All mothers must make feeding choices – but let them be informed.

A colleague of mine recently undertook the monumental task of purchasing everything she needed for her new (and first) baby’s nursery.

She recalls standing in a popular baby store, feeling completely overwhelmed by the seemingly endless amount of prams, cots, monitors, car seats, nappy bags, high chairs, bouncers, toys, wipes…and having to pick which one is best for her baby. A baby she hasn’t even met yet.

Fortunately, my colleague is a smart woman, and had done her research about which products have high safety ratings, which products are best-sellers, she had read up on past product recalls. She really had done all her homework.

There seems to be an endless amount of consumer-focused resources for new mothers, enabling them to make informed choices about which products they buy.

Image via iStock.

But what happens when there is insufficient information to make a choice about a product?

It’s unlikely that you would buy a car seat if there was no way to fully comprehend all of the intricate parts and safety features that differentiate one model or brand from another, and feel confident in your decision. So why is infant formula any different?

Now, I know better than anyone that breast milk, with its unique and unsurpassed benefits, is the best for babies. But I also know, because of the work that I do, that when a baby is not breastfed, the only suitable alternative is a scientifically-developed infant formula product.

But, not all products are the same.

Last year, the Infant Nutrition Council (INC) commissioned research into the behaviours and informational needs of Australian mothers to enable them to make informed choices about the right infant formula for their baby.

The results are concerning. One in three mothers felt as though they received insufficient information from packaging when buying formula for the first time, and almost half of the respondents (43 per cent) did not understand the role of the ingredients in the formula they were buying.

Image via iStock.

So what does that mean for the forty percent of mothers who buy formula at the shelf? How can they be sure that they are making an informed decision if they are confused about ingredients and do not have access to sufficient information?

There is an abundance of information and support available for breastfeeding mothers, but for the mothers and carers who are unable to breastfeed, the information that is available is inadequate. The majority of mothers who use infant formula rely on the provision of factual information from health care practitioners, but this is often restricted by local feeding guidelines that discourage contact between health professionals and formula companies.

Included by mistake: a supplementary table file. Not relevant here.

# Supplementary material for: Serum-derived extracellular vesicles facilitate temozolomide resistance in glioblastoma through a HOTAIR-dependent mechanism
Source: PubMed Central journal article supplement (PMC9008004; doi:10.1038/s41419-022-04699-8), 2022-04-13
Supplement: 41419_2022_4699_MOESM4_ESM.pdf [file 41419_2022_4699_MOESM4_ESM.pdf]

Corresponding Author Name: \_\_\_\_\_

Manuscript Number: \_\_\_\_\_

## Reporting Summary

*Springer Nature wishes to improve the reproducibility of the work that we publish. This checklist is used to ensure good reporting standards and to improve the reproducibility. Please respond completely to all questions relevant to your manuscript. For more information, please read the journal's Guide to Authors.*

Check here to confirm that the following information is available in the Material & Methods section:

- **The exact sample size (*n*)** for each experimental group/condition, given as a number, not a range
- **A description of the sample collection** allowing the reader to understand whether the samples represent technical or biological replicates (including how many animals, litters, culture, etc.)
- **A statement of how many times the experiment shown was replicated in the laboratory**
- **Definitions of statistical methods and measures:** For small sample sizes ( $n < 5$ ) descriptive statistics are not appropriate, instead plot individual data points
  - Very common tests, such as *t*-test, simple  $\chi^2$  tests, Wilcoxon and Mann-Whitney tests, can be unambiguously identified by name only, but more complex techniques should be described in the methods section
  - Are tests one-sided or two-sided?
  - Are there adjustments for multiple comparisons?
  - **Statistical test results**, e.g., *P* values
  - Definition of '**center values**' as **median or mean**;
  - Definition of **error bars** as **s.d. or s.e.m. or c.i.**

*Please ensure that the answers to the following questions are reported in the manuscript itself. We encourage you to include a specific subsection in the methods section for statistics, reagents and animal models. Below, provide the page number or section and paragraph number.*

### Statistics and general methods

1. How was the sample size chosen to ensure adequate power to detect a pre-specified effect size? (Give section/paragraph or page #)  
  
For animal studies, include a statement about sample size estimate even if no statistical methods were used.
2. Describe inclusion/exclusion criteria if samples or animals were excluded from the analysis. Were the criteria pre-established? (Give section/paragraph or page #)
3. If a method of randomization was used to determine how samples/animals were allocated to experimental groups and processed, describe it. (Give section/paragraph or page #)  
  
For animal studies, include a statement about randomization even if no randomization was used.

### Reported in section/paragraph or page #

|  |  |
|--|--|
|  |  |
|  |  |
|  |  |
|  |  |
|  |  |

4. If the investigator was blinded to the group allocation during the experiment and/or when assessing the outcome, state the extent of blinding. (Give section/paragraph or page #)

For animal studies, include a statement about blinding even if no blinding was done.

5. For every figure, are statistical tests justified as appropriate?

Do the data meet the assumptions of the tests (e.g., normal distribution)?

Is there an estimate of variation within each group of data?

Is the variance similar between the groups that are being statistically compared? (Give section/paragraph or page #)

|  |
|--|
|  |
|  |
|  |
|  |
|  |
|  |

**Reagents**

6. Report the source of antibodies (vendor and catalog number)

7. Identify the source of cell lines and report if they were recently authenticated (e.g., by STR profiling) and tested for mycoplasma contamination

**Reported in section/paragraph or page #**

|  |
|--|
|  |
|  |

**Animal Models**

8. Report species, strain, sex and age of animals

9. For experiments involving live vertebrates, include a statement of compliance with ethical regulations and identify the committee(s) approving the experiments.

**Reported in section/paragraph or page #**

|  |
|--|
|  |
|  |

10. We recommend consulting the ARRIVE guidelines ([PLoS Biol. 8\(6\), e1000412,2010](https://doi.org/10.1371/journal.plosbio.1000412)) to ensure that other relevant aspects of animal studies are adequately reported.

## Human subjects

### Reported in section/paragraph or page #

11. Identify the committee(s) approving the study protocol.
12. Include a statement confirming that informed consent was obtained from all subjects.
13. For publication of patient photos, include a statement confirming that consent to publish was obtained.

There are many reasons why mothers do not breastfeed and need to use infant formula. Some mothers are adoptive or foster mothers, some have lactation failure and some are undergoing treatment for certain illnesses. Some mothers breast feed for a period of time and then when returning to work start using infant formula. How do these mothers make the best decisions about infant formula for their babies?


With the Food Standard Australia and New Zealand (FSANZ) currently reviewing the Standard 2.9.1 (Infant Formula Products), the INC is advocating for a number of changes to the labelling of infant formula products, such as more information on ingredients, feeding instructions, allergy information and preparation instructions, so that these mothers and carers feel confident in the decisions they make for their babies.

WATCH the video below for more on Australia's current baby formula shortage. Post continues after video...

Video via “Magneto”

Likewise, for a lot of mothers and carers, cost plays a big part in their decision-making processes. With the current on-pack labelling restrictions prohibiting the use of nutrient content and function claims on infant formula products, consumers are struggling to clearly understand why one product costs $15 and another is priced at $30. Consumers will pay more for premium products if they can see the benefits versus a lower-priced product – but with the information currently available on infant formula products, as it stands, there is simply no way to tell.

Being a mother is tough. Mothers are constantly under pressure to make the right decisions for their babies and for themselves, day in, day out. And, every mother will tell you that making sure that their babies get the right nutrients so that they can grow and develop is one of the most important priorities by far. Improved labelling is the only way that mothers and carers who use infant formula products can do just that.

Did you bottle feed your baby? Which formula did you choose?